Nigel Lambe, chairman of Velo Cafe said: “I am delighted that the Local Enterprise Partnership has agreed to invest in a bike hire scheme for Brighton and Hove.

“We have been working on the business case for the hire scheme for over a year and I have discussed the concept with many local businesses.

“It is clear that the scheme has proved very popular with the Brighton business community.

“It will make Brighton a better place to live and a better place to work and also give further assistance to the hospitality trade by making Brighton and Hove a better place to visit.”

Exact details of how the service will operate and hire costs are yet to be announced.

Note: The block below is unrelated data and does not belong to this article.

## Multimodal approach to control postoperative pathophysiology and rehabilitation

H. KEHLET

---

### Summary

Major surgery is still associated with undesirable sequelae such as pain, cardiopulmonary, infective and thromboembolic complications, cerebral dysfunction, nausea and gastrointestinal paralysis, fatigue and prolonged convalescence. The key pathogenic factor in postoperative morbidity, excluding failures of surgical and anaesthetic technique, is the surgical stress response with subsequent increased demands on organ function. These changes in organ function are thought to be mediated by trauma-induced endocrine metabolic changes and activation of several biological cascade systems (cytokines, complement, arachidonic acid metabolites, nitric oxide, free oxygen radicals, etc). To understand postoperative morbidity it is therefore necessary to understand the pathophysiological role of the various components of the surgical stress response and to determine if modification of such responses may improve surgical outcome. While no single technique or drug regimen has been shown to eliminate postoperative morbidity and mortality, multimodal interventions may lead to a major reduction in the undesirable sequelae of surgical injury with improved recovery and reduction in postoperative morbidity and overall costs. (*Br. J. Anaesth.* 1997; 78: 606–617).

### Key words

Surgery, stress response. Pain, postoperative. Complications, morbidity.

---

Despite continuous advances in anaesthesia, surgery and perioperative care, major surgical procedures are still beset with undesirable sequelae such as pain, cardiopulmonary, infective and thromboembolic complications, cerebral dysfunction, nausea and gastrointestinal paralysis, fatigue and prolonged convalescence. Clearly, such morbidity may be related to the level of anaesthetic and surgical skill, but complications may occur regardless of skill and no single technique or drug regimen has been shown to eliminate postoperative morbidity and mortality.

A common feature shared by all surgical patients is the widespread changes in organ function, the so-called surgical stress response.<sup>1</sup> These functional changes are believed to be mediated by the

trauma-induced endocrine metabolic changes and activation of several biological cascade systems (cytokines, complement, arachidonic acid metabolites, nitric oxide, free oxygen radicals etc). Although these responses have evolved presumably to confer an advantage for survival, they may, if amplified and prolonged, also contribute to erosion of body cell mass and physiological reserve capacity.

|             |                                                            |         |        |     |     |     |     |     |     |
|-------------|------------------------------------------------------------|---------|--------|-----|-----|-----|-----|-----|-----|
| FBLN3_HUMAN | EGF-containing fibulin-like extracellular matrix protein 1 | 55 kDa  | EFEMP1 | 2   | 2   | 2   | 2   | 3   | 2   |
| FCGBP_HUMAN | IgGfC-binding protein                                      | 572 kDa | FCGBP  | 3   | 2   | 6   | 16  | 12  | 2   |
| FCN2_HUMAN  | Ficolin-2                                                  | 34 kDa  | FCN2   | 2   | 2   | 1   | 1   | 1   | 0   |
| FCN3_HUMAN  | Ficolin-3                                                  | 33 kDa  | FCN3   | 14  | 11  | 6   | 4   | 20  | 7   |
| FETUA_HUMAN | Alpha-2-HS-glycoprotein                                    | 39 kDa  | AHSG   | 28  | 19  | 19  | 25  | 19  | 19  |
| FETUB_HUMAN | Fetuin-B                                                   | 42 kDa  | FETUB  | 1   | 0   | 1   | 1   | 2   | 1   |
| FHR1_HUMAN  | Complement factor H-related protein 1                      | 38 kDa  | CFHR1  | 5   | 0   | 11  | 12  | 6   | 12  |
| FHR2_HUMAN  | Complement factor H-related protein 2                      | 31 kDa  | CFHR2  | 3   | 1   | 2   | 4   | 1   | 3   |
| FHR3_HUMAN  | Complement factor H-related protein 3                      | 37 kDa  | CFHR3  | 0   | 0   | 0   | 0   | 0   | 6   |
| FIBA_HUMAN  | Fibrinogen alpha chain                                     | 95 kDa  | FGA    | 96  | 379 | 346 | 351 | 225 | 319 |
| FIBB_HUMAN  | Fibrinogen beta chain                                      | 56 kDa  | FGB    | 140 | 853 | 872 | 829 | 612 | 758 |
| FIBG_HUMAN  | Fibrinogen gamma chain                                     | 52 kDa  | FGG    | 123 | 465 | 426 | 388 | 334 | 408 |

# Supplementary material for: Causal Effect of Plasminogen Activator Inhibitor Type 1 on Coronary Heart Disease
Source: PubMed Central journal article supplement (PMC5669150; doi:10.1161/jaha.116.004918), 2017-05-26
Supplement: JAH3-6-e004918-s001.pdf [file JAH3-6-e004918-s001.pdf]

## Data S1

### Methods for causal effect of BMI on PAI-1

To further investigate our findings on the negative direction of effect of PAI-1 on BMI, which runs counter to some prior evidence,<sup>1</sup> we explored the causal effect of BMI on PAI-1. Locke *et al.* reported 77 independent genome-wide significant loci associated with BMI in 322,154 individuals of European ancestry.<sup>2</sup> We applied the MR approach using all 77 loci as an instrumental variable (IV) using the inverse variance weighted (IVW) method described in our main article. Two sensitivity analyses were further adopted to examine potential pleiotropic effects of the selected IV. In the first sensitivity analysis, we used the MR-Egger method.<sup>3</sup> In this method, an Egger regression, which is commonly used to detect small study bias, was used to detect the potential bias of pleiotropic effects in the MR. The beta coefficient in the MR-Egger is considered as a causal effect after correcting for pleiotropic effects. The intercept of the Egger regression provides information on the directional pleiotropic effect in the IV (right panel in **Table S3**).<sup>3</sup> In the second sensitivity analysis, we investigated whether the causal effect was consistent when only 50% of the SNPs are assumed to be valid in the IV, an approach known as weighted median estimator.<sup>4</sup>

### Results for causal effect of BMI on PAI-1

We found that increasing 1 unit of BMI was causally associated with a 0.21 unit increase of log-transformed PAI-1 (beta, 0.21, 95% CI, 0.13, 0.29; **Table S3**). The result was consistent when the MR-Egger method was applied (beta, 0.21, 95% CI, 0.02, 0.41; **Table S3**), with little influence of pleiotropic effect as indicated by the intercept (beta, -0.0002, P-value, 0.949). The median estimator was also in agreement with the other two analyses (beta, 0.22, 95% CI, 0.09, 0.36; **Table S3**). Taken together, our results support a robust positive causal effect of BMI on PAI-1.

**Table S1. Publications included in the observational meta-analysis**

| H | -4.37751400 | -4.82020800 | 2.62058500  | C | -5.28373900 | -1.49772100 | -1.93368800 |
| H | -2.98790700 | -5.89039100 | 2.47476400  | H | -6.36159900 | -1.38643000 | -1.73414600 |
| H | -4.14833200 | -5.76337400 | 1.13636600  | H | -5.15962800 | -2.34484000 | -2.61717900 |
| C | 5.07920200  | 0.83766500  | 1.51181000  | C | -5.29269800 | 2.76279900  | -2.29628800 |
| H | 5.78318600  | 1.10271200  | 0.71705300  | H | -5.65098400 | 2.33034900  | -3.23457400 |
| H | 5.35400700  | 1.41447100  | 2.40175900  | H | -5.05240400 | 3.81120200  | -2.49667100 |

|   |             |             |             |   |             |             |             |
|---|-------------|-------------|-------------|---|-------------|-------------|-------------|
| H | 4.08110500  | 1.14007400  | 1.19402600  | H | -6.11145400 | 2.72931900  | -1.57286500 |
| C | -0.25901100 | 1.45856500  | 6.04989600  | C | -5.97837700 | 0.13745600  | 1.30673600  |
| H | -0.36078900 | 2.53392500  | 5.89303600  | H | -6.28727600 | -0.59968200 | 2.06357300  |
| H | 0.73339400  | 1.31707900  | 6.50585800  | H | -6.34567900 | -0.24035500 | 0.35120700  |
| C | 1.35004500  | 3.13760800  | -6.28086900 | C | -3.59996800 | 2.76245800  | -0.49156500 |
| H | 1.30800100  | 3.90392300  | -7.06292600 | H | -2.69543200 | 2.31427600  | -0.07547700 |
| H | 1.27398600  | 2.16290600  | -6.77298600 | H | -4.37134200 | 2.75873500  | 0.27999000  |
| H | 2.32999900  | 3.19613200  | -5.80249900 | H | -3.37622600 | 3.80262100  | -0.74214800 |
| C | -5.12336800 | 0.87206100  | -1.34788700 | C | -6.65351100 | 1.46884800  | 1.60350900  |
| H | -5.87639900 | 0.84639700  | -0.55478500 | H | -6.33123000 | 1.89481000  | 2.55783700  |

Schemes elsewhere typically involve users swiping a credit or debit card through the docking station and following on-screen instructions to release the cycle.

Bikes can be returned to any docking station, where they are automatically re-locked into position.

Viaduct Road Traffic – update and reactions

London Road Area Local Action Team

During 2014 we had repeated complaints from residents about the unfriendly and unsafe condition of Viaduct Road – detailed elsewhere on the website.

As part of this we had been looking at measures to calm the traffic , which, so we were told, sometimes reached 50mph on a residential street some 400m in length. Over three meetings, December, January and February 2015 we considered various option and possibilities. We were told that money was going to be tight – but that the Council would try to do what it could to help the residents.

True to their word the Council team re-cycled some planters to produce ad-hoc traffic calming. The adverse reaction was intense – from coverage in local media even up to (?) the Daily Mail.